Thank you so much for this @jameselliott !!Hi mate.
Well, for starters we don't want to avoid triggers for the rest of our lives. It will do nothing but give you limiting beliefs and restrict your ability to find fulfilment, so what we want to do, is learn how to remove ourselves from these moods or ideally, learn the source of that reaction and change how we think about that trigger to prevent that slump in mood from ever happening.
Now, without the proper counselling time, practices and processes it would be hard to conduct the necessary CBT to establish the source of the negative emotion, although, I would suggest evaluating it yourself. Why do you feel the way that you do? What caused it and why? Also, as an aside, before you consider this a psychological issue, be sure you've actually had enough sleep, drank enough water, eaten nutritionally satisfying foods and aren't spending too much time with nobheads. Most people's emotional slumps,
Thats the golden fix, to be in a position whereby you can manage all your own reactions, to be completely balanced, resilient and almost stoic (almost, because I'm not a massive fan of stoicism), but that's called self actualisation and that's a double confusing and complex idea. Another time, maybe.
So then, that leaves the alternative of essentially, an effective coping mechanism. I find, depending upon the situation, when I am struggling that I am only ever one work out away from a great mood. Which is a form of self care, take the necessary time to find yours and utilise it. If self care isn't an option, visualisation of a happy memory, a planned event or a more pleasant present moment, might be effective. Controlled breathing and mediation is also a very successful form of scientifically backed mood regulator. Try box breathing, its a US Navy SEAL technique, breathe in for 4, hold for 4, out for 4, rest for 4, with each stage being visualised as an edge of the box, this will relax the activation of your amygdala (emotional centre) and put the control back into the prefrontal cortex (reason and logic), allowing you to rationalise yourself out of that negative state.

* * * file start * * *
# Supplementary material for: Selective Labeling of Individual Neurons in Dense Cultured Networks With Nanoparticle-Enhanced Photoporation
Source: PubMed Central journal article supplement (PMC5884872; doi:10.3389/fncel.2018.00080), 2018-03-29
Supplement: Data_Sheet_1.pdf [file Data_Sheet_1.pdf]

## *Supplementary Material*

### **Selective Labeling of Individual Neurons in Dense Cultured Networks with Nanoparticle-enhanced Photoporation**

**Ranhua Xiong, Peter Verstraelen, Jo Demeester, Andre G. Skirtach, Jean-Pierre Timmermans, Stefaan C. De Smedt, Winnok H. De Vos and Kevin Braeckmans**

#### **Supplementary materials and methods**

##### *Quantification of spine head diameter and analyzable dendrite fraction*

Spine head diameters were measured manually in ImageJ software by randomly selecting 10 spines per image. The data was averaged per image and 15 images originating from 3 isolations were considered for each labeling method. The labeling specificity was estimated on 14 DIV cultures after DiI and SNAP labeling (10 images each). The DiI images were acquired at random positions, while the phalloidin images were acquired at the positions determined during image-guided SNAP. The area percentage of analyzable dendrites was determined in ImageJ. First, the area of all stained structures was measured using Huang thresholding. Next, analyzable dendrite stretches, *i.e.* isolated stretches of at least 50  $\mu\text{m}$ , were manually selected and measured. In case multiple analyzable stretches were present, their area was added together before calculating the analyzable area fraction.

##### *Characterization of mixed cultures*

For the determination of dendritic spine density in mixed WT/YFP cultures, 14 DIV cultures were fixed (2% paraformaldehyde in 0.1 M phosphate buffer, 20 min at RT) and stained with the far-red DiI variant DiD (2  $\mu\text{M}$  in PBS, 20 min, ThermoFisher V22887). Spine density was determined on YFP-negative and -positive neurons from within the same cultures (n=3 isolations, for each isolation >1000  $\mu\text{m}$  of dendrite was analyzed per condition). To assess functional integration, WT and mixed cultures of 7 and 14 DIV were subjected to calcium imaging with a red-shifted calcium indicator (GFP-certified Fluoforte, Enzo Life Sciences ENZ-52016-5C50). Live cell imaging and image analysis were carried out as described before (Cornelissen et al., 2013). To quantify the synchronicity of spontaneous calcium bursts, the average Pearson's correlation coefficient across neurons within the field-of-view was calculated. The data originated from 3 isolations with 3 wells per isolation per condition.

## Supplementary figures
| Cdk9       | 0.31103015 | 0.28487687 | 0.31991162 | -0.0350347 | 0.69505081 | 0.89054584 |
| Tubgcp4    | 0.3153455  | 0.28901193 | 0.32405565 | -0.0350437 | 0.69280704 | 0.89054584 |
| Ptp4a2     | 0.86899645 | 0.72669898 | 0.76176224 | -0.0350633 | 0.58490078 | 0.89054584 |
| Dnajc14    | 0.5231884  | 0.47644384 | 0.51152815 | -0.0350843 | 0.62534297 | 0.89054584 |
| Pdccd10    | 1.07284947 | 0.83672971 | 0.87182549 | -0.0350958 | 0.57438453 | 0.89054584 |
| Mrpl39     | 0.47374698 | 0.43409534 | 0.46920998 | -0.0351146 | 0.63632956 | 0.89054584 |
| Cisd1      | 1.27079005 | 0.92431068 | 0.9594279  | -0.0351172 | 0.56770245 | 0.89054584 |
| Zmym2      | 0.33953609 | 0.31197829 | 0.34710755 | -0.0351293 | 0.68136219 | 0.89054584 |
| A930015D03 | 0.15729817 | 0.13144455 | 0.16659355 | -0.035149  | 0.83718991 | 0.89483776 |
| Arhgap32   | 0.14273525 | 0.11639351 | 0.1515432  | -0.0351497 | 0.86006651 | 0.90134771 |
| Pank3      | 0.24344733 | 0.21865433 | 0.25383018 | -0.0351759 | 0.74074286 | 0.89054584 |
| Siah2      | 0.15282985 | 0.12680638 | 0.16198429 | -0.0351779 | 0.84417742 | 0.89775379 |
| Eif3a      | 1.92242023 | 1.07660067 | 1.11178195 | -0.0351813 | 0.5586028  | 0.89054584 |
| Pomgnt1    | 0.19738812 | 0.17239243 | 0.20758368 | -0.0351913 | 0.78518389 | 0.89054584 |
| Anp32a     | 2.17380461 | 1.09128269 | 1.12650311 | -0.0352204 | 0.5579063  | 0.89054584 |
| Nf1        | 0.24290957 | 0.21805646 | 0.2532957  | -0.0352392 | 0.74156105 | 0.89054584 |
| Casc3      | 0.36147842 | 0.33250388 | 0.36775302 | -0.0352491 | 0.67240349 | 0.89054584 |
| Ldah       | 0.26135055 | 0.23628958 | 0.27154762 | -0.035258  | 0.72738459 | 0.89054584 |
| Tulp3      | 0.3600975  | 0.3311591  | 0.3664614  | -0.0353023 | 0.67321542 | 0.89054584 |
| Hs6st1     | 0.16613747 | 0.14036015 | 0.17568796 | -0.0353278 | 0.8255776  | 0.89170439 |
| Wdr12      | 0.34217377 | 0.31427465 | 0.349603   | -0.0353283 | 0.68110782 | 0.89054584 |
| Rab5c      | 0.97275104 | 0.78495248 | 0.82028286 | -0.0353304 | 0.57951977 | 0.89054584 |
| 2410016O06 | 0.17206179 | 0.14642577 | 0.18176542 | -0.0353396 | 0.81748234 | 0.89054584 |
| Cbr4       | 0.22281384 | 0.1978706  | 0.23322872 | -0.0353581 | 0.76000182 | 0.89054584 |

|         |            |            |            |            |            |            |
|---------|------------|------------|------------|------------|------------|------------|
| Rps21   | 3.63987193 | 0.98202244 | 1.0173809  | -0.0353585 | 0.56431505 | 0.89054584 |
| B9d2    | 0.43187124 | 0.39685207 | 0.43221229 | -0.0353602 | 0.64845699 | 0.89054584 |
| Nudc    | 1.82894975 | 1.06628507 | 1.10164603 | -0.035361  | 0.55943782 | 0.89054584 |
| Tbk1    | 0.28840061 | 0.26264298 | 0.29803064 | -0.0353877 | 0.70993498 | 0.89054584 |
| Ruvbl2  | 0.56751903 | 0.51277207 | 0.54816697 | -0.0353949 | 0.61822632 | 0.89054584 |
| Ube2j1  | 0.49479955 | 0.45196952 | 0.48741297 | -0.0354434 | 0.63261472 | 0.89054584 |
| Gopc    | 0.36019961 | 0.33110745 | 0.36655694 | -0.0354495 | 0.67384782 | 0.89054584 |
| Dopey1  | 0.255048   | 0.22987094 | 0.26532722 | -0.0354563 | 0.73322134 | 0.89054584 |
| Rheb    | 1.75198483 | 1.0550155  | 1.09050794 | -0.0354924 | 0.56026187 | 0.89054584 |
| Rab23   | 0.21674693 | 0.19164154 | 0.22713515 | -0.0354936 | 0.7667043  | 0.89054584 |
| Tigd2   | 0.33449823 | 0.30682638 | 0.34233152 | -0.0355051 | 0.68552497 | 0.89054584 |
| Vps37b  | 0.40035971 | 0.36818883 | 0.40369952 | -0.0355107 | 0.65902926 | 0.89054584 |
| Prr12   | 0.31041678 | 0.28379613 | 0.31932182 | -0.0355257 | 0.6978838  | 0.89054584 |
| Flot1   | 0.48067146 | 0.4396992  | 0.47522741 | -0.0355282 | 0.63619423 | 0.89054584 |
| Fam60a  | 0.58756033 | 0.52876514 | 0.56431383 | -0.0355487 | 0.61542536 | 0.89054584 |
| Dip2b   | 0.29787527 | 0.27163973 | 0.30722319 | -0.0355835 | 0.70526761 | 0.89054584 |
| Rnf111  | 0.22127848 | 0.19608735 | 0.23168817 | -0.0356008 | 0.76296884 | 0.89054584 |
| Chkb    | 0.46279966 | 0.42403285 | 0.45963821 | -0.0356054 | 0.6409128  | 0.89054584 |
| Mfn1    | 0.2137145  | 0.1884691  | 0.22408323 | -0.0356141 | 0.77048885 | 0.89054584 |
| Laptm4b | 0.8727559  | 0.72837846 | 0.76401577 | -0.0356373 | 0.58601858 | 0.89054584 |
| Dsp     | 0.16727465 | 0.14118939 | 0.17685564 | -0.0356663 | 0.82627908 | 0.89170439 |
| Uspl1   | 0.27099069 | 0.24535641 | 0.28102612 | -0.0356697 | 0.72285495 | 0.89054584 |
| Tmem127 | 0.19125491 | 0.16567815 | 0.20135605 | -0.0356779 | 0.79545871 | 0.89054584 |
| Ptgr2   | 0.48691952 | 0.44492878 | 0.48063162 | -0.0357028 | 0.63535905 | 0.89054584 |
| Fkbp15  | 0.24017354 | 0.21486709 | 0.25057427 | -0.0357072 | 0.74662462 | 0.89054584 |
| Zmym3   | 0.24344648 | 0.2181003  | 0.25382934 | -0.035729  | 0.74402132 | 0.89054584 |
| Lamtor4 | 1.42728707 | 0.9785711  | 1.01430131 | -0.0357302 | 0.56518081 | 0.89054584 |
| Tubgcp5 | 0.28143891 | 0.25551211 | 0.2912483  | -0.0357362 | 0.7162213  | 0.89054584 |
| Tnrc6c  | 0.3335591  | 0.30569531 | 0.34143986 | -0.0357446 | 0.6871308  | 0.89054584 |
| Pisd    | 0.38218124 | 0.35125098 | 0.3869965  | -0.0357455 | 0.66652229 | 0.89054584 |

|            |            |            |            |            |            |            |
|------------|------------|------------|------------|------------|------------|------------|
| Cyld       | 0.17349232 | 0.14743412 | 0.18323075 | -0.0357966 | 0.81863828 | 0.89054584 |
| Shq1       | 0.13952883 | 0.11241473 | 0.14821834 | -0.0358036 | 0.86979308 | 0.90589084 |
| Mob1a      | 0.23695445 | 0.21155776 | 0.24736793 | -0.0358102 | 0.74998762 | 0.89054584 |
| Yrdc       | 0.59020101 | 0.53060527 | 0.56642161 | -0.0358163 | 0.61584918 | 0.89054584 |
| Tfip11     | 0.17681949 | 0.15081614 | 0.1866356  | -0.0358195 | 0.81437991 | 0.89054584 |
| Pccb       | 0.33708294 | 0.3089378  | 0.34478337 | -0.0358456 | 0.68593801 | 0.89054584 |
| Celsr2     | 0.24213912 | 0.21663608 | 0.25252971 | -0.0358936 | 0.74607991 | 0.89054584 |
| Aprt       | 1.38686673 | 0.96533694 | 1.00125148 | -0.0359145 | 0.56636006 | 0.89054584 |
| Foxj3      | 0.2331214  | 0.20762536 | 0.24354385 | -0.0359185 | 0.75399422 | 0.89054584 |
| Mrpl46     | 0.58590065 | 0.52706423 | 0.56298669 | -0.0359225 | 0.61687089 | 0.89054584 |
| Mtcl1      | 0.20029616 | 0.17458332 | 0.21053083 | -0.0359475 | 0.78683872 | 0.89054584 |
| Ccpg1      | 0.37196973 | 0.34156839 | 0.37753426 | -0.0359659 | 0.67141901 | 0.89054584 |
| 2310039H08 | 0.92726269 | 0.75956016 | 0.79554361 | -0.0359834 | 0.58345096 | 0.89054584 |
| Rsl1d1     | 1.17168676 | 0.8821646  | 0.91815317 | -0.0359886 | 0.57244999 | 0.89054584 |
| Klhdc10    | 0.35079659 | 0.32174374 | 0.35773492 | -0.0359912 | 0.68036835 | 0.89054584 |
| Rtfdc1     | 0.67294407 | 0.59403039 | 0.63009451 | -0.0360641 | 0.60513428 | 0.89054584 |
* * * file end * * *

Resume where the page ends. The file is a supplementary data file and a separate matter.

Lots of info there, lets summarise?
Look after your physical well being, your lifestyle is extremely important to your mental state, don't @me that your in a foul mood if you eat rustlers burgers for breakfast and only drink pop. If that's not the issue, challenge the source of your behaviour, why are you feeling this way. Then, thirdly, find a decent coping mechanism, from box breathing, meditation, cracking some physical or all of it at once, learn to bring yourself out of it.
Don't deny your emotion, its not how cortisol is managed, cortisol is the stress neurotransmitter, which is also a catabolic chemical, which means it catastrophically effects protein synthesis. In plain speak, it messes about with existing muscle fibre, including the brain. The more stress, the more breaking down of neutrons in the prefrontal cortex so the less rational you become, the more emotionally unstable. Its the science behind why we need to learn, as men, to embrace feeling shit so that we can learn to manage it better.
Best of luck, fair to say, you are not alone.